This of course Aarseth and his some of his colleagues would strongly deny (though see Eskelinen for a more nuanced view). At least in the present, early work, Scandinavian game studies seem to insist on closing the “hermeneutic circle of simulation” against any discourse not linked to a very narrow construction of play. This strategy does shake off the covering cherub of narrative, a defensive maneuver that seems very necessary; but at the same time it threatens to impose a hazardous solipsism.

Aarseth declares at one point that “games focus on self-mastery and exploration of the external world, not exploration of interpersonal relationships (except for multiplayer games).” The dangers of this doctrine are apparent. If we understand information games as purely self-interested interactions, we will have a hard time living up to Aarseth’s laudable thesis that simulation is “a major new hermeneutic discourse mode”; at the least, we will find it difficult to explain how that mode can contribute to social experience. It also seems telling that Aarseth addresses multiplayer games in a parenthetical afterthought. Arguably the most promising forms of information play involve a shared encounter with complex systems - of the sort not found in first-person shooting galleries, even when multiple players are involved, but rather in MUDs and MOOs. If game studies close themselves off from this form of simulation, they will fall notably short of their promise. Aarseth says at one point that “unlike literature, games are not about the Other, they are about the Self.” Whether or not this statement holds for games (I have my doubts), we should make sure that it does not apply to game studies.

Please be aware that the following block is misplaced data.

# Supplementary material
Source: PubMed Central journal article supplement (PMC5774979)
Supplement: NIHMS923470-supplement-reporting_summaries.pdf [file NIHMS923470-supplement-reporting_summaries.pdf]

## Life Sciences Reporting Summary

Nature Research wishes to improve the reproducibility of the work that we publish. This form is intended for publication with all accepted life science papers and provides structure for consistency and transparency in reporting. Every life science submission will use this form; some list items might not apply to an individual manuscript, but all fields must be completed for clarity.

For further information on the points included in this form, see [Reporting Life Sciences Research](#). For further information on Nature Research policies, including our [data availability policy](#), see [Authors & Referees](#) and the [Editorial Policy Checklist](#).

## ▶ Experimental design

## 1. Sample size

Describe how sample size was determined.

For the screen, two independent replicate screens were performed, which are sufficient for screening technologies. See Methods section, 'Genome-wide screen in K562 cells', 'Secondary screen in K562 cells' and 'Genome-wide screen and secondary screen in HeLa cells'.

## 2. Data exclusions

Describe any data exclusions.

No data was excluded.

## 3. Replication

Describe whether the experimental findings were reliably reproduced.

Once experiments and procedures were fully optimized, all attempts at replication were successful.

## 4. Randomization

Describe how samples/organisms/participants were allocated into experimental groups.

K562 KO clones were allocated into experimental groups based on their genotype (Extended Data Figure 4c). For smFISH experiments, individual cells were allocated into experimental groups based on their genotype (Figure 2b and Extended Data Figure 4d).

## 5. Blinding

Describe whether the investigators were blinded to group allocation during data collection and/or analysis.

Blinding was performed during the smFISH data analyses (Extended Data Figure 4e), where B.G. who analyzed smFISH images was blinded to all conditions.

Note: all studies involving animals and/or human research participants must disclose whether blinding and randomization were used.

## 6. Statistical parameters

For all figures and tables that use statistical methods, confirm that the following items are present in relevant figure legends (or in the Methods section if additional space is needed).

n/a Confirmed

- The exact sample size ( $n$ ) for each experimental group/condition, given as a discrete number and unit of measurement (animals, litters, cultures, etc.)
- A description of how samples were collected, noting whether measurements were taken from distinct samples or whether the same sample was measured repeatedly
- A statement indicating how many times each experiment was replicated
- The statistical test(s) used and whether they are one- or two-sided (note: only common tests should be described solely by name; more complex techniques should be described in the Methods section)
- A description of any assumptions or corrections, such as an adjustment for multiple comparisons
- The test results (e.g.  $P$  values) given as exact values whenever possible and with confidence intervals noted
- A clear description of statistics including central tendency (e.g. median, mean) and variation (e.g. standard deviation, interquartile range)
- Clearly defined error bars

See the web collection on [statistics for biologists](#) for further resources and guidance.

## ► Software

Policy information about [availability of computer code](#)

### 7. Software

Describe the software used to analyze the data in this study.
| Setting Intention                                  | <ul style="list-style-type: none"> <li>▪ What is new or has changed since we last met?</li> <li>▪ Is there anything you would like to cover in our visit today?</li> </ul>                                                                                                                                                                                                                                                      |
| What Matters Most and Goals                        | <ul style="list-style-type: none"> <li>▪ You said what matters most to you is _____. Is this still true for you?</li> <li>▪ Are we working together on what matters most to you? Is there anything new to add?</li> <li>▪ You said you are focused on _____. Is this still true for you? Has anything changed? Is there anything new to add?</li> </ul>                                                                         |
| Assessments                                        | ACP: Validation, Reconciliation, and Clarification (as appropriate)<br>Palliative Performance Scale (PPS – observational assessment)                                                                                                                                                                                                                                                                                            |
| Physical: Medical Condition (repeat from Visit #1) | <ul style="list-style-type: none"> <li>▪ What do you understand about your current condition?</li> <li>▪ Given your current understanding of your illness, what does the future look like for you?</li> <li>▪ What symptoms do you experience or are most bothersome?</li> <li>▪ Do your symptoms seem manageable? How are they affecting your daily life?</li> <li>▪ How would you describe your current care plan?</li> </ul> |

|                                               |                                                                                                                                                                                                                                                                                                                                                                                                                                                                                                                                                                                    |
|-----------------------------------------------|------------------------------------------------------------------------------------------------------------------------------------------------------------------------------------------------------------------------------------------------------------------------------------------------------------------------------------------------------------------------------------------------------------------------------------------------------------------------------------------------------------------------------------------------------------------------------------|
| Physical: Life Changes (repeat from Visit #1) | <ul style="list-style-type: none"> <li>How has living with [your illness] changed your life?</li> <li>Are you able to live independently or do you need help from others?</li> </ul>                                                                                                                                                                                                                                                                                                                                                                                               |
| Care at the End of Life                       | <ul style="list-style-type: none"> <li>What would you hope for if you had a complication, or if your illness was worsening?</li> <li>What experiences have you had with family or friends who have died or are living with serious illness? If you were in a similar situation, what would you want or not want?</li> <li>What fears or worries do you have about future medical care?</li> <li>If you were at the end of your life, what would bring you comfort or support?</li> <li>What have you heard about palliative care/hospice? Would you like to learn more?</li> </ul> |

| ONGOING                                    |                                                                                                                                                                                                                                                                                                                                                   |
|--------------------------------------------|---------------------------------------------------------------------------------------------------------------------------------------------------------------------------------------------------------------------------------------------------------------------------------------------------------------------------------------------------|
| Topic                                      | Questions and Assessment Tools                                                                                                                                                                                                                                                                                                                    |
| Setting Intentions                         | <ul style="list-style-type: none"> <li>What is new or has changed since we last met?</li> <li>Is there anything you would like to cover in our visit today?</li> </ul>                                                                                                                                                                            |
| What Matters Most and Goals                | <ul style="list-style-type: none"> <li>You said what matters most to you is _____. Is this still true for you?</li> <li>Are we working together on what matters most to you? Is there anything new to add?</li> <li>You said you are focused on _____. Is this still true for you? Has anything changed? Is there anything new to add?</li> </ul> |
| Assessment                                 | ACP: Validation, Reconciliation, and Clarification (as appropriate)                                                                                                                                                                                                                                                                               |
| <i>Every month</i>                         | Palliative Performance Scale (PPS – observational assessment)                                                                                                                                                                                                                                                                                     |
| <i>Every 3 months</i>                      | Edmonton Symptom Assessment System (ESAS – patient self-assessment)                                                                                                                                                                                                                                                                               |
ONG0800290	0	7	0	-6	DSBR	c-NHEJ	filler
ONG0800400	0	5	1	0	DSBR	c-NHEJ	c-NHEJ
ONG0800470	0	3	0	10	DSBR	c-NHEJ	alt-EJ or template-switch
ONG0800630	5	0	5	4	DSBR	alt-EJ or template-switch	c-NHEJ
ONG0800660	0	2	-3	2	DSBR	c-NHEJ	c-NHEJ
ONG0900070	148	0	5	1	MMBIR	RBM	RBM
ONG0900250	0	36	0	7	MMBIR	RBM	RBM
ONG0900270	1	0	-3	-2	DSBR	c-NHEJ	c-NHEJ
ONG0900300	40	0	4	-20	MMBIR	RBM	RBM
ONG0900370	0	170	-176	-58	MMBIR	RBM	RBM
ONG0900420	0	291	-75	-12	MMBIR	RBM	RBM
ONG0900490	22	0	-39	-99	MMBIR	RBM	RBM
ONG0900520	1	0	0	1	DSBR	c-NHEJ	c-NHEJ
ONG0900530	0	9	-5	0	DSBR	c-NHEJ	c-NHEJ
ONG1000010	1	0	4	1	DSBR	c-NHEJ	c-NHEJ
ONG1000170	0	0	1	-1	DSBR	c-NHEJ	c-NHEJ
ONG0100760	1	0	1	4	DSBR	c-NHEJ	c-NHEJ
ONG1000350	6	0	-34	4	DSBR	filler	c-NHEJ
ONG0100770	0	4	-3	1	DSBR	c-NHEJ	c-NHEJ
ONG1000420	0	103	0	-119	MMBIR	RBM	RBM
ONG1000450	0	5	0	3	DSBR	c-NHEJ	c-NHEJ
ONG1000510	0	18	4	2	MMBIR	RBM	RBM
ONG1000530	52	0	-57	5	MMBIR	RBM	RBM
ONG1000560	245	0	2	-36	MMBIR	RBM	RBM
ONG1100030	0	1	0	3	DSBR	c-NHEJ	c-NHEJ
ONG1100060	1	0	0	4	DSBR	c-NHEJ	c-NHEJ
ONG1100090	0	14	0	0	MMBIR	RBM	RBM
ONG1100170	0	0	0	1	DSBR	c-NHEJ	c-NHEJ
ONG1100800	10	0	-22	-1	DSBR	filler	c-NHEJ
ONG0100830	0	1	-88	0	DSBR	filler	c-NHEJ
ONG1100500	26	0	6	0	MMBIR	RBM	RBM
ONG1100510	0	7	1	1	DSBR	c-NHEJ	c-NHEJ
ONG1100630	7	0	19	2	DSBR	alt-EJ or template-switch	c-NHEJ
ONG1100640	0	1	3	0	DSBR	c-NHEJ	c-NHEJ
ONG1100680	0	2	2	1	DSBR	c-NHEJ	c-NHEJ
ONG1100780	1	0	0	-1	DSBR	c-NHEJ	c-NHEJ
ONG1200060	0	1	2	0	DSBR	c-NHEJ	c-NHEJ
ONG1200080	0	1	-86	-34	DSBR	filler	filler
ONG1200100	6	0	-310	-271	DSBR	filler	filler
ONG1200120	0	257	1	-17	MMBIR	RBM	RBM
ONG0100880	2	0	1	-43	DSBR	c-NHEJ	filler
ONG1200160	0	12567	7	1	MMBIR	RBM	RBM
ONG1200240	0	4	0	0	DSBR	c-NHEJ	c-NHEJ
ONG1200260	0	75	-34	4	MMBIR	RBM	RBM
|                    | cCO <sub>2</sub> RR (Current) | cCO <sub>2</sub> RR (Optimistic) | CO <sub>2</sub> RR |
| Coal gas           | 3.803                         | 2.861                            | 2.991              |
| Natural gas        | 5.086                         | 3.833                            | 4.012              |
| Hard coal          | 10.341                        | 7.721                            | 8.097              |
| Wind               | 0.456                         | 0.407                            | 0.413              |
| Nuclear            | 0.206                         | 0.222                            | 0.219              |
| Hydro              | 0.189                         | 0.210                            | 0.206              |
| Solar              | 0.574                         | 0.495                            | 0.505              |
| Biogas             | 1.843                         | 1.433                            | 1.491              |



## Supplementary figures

Chris Crawford responds

Espen Aarseth responds